by MB

You are allowed to

  • Be sick
  • Be broken
  • Mess up at work
  • Mess up with friends
  • Sometimes be really bad at recovery
  • Be amazing at recovery
  • Make progress
  • Move backwards
  • Be ashamed of your body
  • Not be ashamed of your body
  • Go days without crying
  • Cry every day
  • Talk about sex
  • Have sex
  • Enjoy sex
  • Numb it out sometimes
  • Go out late and dance aggressively
  • Know it's wrong and do it anyways
  • Be confused
  • Misunderstand yourself
  • Sleep all day
  • Not be as ok as you were before

You may not always remember this list in the moment, but that's ok. You will remember it when it's time.



by MB

Something changed for you in Bali, she observed today. This is a new phase of recovery. The wanting to figure it out, to figure your life out, to realize you are an adult tasked with the ownership of your own life.

1. I don't think I could form a relationship with someone new (platonic or romantic) where I didn't tell them about my eating disorder. Because, she reminded me today, that was part of my identity for so long. How could I possibly be open with someone and not disclose that part of myself to them? 

That's a breakthrough.

2. So if it's a one night stand, it's ok if it's just sex. But if it's something more, you want a relationship. Sex isn't enough on its own.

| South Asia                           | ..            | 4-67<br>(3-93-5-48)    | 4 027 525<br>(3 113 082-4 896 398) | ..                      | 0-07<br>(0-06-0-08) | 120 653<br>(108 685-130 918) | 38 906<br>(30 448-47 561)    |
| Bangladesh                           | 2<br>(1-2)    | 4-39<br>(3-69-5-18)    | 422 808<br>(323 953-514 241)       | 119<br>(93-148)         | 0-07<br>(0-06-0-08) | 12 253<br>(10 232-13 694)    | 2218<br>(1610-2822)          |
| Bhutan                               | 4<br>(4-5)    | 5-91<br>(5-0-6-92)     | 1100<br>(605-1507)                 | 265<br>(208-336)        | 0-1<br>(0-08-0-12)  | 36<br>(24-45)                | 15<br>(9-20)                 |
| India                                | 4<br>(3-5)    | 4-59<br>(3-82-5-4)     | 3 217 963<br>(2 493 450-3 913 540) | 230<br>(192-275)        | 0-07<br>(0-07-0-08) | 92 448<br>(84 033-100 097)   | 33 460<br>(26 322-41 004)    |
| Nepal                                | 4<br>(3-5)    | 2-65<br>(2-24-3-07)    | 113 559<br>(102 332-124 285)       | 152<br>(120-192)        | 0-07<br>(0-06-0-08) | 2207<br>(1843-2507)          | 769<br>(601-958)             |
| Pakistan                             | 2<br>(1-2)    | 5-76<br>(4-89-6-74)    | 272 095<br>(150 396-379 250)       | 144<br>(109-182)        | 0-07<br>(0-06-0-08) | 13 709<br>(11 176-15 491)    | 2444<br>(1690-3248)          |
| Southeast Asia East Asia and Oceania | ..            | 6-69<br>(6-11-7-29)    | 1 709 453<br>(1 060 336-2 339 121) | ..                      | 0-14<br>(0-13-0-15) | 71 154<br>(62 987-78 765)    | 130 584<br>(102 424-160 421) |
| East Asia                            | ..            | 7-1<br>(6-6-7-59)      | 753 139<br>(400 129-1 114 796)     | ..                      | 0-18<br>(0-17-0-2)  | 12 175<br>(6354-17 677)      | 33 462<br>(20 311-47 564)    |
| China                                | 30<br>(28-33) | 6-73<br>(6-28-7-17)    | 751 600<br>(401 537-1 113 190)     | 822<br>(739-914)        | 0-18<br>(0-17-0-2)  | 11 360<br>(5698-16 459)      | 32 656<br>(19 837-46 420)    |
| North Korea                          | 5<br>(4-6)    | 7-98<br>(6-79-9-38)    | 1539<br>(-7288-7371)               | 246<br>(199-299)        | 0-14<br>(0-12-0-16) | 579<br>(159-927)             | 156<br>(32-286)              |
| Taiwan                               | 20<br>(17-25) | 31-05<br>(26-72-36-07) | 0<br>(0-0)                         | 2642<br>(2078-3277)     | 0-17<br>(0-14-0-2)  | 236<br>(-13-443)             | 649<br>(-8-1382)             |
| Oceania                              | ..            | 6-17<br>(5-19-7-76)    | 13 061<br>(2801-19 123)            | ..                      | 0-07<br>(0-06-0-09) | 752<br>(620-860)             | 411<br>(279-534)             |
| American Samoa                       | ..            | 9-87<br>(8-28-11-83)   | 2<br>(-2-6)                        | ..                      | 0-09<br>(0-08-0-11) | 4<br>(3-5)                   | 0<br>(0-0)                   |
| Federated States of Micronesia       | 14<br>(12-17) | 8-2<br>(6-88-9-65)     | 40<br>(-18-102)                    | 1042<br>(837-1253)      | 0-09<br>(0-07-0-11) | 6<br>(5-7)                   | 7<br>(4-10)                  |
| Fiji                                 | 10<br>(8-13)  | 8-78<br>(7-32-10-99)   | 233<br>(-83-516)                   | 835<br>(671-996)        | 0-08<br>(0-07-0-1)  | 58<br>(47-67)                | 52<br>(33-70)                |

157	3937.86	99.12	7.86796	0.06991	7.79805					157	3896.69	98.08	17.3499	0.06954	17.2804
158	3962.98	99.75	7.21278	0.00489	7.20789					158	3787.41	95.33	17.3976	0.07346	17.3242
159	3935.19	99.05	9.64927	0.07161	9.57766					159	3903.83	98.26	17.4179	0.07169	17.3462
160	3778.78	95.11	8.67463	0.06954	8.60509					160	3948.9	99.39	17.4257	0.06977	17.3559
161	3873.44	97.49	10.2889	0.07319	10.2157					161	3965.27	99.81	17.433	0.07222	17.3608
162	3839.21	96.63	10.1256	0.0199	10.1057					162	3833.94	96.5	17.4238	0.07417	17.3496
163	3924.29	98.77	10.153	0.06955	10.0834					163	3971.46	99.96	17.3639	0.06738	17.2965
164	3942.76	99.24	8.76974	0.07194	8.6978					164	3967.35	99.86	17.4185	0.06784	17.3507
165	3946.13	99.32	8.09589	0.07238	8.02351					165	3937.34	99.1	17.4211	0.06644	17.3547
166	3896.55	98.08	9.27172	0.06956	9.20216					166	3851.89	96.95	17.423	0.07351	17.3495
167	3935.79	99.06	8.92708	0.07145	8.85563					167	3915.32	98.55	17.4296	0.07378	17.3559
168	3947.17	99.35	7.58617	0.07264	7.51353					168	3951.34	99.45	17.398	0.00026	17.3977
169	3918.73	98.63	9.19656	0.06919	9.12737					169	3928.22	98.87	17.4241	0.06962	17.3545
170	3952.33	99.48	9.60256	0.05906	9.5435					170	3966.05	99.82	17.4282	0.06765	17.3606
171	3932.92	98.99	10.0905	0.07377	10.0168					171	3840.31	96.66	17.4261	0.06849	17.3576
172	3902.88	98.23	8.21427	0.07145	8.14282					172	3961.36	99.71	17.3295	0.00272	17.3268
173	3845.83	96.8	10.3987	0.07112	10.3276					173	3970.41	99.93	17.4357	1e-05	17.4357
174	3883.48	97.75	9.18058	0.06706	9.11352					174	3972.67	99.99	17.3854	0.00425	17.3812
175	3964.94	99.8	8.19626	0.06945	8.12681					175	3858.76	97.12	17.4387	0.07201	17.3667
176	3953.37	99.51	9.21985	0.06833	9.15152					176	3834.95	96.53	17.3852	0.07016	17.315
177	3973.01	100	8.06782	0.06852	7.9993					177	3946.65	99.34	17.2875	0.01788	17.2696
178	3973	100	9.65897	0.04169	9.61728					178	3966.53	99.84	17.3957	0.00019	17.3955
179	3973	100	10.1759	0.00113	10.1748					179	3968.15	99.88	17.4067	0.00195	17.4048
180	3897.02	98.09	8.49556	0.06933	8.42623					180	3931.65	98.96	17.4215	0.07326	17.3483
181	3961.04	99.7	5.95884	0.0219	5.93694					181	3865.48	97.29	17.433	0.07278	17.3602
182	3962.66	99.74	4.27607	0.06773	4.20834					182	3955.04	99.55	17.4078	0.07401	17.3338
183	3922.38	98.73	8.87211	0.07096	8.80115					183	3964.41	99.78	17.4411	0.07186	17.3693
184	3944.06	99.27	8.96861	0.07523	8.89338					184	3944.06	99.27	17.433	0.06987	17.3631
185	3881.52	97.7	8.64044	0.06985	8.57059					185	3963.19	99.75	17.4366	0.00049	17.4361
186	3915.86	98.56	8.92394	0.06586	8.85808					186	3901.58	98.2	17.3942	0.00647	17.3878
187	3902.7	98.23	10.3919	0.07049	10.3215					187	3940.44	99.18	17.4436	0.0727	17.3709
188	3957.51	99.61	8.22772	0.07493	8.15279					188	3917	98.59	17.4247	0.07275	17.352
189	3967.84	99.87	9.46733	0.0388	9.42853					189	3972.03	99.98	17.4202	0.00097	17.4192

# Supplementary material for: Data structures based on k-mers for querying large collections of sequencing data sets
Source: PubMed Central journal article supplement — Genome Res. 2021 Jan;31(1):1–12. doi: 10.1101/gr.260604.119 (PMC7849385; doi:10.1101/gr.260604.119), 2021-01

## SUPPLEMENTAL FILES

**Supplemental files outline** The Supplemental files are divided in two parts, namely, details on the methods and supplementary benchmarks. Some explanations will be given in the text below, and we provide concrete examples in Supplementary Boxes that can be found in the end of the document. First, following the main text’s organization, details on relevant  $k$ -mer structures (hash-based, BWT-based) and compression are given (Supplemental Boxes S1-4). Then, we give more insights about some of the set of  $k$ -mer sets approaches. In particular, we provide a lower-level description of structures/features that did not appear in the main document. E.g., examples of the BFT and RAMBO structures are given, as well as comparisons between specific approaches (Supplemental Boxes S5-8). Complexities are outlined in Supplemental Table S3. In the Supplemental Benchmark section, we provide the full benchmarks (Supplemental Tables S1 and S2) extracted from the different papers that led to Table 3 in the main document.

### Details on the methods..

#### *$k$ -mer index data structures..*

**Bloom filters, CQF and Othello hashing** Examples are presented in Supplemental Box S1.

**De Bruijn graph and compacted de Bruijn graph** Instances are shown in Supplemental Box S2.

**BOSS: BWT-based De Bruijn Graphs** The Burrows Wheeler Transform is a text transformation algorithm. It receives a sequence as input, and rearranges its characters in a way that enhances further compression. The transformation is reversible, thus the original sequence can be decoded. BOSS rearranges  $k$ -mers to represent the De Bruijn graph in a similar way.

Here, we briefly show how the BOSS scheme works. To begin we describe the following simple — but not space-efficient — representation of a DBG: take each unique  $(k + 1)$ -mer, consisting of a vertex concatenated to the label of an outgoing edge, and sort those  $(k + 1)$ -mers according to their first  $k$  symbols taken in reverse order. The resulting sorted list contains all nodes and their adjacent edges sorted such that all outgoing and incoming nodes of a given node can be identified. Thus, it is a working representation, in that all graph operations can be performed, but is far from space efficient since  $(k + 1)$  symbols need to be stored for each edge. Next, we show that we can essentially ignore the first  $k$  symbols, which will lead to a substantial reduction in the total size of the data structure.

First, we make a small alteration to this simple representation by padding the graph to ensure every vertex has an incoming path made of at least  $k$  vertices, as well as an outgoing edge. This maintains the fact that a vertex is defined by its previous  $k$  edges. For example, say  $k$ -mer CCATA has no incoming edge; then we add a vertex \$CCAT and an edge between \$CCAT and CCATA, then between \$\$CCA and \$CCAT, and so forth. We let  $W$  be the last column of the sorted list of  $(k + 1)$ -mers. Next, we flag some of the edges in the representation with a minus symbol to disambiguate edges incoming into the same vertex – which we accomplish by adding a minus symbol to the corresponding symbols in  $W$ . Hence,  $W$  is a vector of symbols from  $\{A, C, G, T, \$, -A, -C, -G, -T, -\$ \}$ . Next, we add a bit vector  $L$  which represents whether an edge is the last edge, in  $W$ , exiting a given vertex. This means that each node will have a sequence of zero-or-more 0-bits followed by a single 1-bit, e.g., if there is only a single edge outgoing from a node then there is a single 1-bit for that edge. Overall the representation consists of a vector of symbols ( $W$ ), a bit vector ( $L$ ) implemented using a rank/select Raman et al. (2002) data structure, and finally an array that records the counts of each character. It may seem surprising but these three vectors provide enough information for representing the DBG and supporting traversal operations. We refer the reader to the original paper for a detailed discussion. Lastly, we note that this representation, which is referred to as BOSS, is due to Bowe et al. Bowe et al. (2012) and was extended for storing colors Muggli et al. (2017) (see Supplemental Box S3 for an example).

That's a huge breakthrough.

3. You're working on yourself. You're figuring everything out. You're facing your demons. 

That's a breakthrough. 


You're letting your emotions drive you, not your head. You need to put it away at work and let your head guide you. You feel like you should be working on this all the time but you have a job - you can't. That's ok. You're going through something.

The Language of Symptoms

by MB


"When we think of recovery, it can be easy to envision the positive—the possibilities, the health, the connection to one’s self and to others. But when a symptom as powerful as not eating, for example, is forgone, in a sense, the patient is losing a language, which is to say she’ll be losing a treasured part of herself. She knows herself through this language. She understands the world through this language. It would be quite strange if she were not ambivalent about giving this up.

Recovery from an eating disorder is a long and involved process and it is nothing new to say that grief is a part of this process. What I’ve considered here is the grief that may need to be processed around the loss of the language of the symptom and what that means for the patient’s commitment to therapy and to recovery. Perhaps if this loss of language, and all that goes with it, is understood, named, and worked through, the patient might be more able to look for other, more adaptive ways, of communicating her complexities to herself and to the world."

Tina Villalobos, McCallum Place Blog